'Tis now degraded to a publick Inn.
Strait he dismounts, repeats his loud commands;
Swift at the gate the ready landlord stands;
With frequent cringe he bows, and begs excuse.
His house was full, and ev'ry bed in use.
What not a garret, and no straw to spare?
Why, then, the kitchin fire and elbow-chair
Shall serve for once to nod away the night.
The kitchin ever is the servant's right,
Replys the host; there, all the fire around,
The Count's tir'd footmen snore upon the ground.
The maid, who listen'd to this whole debate,
With pity learnt the weary stranger's fate.
Be brave, she crys, you still may be our guest,
Our haunted room was ever held the best;
If then your valour can the fright sustain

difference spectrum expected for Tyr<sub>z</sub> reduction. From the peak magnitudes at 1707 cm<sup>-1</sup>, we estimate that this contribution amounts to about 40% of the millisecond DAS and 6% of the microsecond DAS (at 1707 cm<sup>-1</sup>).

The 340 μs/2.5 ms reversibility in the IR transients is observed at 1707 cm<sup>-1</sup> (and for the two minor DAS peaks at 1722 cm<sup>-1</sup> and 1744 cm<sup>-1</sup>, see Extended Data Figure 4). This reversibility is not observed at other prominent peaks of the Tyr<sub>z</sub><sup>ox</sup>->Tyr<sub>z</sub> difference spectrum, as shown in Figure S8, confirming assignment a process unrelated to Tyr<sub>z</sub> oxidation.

Of rattling curtains, and the clinking chain,
If your couragious tongue have power to talk,
When round your bed the horrid ghost shall walk;
If you dare ask it, why it leaves its tomb,
I 'll see your sheets well-air'd, and show the room.
Soon as the frighted maid her tale had told,
The stranger enter'd, for his heart was bold,
The damsel led him through a spacious hall,
Where Ivy hung the half-demolish'd wall;
She frequent look'd behind, and chang'd her hue,
While fancy tipt the candle's flame with blue.
And now they gain'd the winding stairs ascent,
And to the lonesome room of terrors went.
When all was ready, swift retir'd the maid,
The watch-lights burn, tuckt warm in bed was laid
The hardy stranger, and attends the sprite
Till his accustom'd walk at dead of night.
At first he hears the wind with hollow roar
Shake the loose lock, and swing the creaking door
Nearer and nearer draws the dreadful sound
Of rattling chains, that dragg'd upon the ground:
When lo, the spectre came with horrid stride,
Approach'd the bed, and drew the curtains wide!
In human form the ghastful Phantom stood,
Expos'd his mangled bosom dy'd with blood.
Then silent pointing to his wounded breast,
Thrice wav'd his hand. Beneath the frighted guest